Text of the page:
ARL’s shelter medicine staff continued diagnostic testing, instilled dietary changes and constantly monitored Webster hoping to rule out a diabetic diagnosis. However, a fructosamine test, which determines how the animal’s body is regulating blood glucose levels over a 2-3 week period, indicated that Webster’s body was not regulating properly and was properly diagnosed with diabetes.

The cat was placed into foster care, and is currently on a regimen of insulin injections twice a day, 12 hours apart, and after eating. Webster is also on a strict diet of wet and dry food specially formulated for managing diabetes.

Despite the diagnosis, Webster will have a good quality of life, his new owners will simply have to be diligent about follow-up veterinary care and ensuring insulin is administered as prescribed. Once his glucose can be regulated he will be ready to find his forever home!

Approximately half the cats diagnosed with diabetes can achieve remission if the disease is treated promptly – cats in remission may be able to stop insulin entirely as well.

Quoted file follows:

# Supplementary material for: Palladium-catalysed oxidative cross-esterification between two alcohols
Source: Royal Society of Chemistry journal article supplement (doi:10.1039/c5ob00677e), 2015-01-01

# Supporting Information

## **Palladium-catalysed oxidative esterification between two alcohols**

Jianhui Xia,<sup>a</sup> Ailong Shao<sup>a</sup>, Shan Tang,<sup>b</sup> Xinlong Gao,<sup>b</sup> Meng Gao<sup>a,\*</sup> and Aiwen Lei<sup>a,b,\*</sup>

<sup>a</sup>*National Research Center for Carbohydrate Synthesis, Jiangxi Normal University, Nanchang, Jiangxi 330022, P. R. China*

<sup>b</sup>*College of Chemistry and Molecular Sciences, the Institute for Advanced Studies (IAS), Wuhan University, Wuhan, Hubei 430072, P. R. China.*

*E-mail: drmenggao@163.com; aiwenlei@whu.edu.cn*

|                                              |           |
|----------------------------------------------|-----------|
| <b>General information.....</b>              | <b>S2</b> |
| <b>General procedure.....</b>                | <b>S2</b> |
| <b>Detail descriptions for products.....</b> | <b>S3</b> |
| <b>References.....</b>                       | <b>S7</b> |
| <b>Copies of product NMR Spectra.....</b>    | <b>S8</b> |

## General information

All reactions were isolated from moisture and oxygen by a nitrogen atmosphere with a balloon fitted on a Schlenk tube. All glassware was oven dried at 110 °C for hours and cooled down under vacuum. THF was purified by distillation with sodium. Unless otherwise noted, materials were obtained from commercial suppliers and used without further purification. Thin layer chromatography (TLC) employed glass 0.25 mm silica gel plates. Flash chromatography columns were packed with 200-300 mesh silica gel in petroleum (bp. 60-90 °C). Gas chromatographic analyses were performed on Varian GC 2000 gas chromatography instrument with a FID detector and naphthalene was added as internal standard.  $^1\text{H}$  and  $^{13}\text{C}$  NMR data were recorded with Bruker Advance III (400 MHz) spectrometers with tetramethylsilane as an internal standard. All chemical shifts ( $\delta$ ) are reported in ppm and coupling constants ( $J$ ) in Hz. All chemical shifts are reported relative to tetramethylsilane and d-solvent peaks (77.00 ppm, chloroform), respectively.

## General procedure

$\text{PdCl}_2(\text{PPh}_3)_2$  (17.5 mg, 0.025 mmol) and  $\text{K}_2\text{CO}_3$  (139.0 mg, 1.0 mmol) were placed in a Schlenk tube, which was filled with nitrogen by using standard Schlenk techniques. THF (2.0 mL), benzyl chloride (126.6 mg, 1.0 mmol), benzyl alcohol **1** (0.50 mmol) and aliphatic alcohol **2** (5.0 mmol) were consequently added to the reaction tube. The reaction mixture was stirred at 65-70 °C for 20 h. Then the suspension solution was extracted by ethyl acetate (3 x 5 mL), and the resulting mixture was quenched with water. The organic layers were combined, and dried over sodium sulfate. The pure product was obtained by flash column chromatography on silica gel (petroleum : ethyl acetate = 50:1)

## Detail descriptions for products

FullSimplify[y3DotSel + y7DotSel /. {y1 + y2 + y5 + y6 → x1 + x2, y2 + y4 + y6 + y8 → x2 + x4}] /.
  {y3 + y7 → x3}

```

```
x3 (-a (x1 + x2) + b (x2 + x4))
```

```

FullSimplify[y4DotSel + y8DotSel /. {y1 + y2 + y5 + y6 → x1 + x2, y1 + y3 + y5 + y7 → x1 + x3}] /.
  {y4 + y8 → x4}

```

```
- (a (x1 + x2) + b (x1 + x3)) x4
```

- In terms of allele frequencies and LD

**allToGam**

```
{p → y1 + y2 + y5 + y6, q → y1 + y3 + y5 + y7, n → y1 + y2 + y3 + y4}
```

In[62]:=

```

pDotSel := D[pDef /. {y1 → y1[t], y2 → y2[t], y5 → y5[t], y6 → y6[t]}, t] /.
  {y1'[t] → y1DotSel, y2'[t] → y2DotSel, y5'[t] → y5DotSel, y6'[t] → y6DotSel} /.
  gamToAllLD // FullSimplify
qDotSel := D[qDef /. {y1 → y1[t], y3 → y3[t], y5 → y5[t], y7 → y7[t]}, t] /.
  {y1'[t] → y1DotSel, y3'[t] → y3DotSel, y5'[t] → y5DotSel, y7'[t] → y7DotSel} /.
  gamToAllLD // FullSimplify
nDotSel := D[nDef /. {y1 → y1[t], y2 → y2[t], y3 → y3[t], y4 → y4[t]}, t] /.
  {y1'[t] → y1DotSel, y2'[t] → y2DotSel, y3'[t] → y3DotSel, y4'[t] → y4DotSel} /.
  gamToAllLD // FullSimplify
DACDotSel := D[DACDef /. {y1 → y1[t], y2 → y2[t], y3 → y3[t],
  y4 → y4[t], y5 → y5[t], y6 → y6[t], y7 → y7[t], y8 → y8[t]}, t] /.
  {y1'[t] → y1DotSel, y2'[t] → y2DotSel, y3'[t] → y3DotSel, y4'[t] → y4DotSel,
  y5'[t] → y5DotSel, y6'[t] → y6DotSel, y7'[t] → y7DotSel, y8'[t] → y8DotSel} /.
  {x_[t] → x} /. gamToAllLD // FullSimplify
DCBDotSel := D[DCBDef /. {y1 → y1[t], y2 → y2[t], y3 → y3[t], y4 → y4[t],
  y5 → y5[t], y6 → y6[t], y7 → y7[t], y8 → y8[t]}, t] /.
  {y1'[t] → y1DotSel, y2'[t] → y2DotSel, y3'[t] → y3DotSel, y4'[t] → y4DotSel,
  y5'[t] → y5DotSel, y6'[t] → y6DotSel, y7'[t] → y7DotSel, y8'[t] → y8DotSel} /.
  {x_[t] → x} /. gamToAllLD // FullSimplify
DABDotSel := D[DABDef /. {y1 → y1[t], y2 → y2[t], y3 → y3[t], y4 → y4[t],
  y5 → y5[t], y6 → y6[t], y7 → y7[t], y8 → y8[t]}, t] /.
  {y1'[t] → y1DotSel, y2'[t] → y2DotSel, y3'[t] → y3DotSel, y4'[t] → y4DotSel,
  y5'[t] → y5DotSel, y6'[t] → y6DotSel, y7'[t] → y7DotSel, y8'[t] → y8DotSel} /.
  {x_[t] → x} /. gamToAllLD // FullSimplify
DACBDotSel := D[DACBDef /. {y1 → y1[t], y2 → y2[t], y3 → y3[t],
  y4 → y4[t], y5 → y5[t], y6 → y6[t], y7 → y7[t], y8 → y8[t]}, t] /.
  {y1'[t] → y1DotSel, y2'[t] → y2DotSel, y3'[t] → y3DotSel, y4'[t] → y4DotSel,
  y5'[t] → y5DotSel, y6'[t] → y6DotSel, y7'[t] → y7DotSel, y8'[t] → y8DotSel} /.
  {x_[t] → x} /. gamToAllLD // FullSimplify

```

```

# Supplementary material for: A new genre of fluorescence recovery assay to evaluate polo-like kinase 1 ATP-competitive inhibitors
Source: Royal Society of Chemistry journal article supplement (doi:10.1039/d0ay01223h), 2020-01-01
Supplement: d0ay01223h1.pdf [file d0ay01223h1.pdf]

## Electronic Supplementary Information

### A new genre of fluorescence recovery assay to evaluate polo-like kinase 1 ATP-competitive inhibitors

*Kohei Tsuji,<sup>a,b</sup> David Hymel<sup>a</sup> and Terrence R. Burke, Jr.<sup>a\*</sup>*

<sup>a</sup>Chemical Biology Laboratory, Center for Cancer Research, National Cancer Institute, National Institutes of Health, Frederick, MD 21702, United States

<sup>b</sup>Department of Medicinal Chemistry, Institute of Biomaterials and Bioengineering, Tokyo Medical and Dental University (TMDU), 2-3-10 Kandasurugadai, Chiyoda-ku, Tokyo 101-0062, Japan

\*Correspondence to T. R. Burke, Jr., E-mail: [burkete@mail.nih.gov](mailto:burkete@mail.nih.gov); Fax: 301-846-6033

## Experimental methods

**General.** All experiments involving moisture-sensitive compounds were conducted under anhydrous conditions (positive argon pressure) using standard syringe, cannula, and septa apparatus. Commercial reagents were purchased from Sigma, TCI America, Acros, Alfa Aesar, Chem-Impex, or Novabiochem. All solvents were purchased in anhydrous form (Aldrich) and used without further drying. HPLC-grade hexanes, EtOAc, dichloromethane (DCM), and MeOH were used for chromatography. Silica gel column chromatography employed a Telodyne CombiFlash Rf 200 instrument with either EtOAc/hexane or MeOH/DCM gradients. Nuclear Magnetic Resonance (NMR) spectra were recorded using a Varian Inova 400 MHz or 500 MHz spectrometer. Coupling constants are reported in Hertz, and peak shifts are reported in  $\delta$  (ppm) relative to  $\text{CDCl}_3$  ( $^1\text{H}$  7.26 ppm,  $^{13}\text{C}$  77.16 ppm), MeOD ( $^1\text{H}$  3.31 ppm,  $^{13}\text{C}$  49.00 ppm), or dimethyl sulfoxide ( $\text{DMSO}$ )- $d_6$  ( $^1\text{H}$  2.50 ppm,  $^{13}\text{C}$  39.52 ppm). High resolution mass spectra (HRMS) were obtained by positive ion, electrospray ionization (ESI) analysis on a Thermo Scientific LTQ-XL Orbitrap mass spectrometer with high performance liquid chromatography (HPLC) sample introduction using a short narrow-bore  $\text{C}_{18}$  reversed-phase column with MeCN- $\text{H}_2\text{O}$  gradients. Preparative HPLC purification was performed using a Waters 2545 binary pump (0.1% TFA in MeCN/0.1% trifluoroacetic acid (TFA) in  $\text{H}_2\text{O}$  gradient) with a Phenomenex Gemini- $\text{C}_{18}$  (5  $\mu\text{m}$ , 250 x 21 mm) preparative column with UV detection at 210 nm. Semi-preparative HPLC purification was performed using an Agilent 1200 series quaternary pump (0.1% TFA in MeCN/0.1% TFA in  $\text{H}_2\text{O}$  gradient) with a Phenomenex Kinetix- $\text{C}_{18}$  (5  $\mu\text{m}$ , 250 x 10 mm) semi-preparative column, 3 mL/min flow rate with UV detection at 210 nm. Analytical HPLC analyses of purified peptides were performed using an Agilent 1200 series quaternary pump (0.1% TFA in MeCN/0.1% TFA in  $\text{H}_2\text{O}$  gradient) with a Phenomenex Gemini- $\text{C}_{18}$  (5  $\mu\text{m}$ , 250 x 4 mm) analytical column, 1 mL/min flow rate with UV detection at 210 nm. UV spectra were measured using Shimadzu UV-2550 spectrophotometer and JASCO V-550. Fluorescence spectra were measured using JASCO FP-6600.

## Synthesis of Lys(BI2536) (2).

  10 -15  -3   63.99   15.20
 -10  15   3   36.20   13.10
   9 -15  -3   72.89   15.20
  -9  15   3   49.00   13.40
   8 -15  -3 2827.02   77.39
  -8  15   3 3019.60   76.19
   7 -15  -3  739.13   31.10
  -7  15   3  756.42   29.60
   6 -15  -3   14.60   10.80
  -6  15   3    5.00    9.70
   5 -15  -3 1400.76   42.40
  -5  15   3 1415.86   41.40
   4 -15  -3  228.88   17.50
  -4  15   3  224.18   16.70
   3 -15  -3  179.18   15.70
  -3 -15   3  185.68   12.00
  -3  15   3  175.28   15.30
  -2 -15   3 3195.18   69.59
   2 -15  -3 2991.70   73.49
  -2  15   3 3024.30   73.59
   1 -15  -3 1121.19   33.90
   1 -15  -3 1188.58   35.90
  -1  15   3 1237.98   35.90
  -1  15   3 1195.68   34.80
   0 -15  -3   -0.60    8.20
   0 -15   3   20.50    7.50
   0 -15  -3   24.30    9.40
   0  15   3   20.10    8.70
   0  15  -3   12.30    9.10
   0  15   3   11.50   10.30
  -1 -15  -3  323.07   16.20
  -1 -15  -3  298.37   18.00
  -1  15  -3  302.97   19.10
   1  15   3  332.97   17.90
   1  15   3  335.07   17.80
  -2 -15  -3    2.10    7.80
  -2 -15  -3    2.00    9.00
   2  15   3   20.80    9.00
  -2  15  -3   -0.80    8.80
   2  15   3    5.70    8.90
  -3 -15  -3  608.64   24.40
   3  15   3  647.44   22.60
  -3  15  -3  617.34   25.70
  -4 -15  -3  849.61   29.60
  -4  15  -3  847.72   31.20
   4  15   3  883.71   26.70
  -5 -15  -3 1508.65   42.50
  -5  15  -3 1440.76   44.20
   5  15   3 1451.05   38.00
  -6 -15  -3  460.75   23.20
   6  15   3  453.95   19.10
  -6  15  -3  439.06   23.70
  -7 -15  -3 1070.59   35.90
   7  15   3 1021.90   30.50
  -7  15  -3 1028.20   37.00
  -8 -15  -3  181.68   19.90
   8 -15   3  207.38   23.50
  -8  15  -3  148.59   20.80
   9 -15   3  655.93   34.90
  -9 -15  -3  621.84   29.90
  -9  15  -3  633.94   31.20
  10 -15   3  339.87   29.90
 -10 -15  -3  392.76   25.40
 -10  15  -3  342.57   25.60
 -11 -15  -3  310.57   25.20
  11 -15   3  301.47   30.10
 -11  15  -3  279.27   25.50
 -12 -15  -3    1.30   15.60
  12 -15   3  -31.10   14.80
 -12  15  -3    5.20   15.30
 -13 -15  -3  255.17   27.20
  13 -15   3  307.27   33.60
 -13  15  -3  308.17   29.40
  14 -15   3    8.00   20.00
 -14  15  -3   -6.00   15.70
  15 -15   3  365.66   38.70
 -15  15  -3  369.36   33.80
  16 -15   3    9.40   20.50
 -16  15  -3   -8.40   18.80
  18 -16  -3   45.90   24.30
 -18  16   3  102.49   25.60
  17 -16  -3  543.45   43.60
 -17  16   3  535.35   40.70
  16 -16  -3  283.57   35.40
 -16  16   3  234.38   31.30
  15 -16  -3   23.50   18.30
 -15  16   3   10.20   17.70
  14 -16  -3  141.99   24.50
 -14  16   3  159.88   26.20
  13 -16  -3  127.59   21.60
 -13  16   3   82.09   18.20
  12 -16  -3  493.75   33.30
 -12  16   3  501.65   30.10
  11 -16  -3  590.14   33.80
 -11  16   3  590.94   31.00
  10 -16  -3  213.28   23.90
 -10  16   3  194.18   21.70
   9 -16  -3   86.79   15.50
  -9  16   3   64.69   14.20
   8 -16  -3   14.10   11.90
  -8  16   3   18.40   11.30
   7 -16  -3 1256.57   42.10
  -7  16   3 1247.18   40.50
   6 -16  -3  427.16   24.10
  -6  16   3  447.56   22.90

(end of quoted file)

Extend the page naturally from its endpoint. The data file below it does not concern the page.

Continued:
Know the Signs

Diabetic symptoms vary and in addition to increased thirst and decreased activity, other signs include:

  • Weight loss
  • Change in litterbox habits
  • Appetite swings
  • Vomiting
  • Unsteady gait
  • Overall poor health

More than half the cats and dogs in the U.S. are overweight, and as long as pet obesity continues to be an issue, the number of diagnosed cases of diabetes in our pets will continue to rise. ARL encourages pet owners to strictly monitor their animal’s diets, limit treats and take action if a pet begins to gain or lose weight rapidly.


Press Release: Microchip Helps Reunite Lost Cat with Owners

Family notified of cat being found on Valentine’s Day

The Animal Rescue League of Boston (ARL) is once again reminding the public of the importance of having pets microchipped – this after recently reuniting a Stoughton, MA, family with their cat who went missing shortly before Christmas.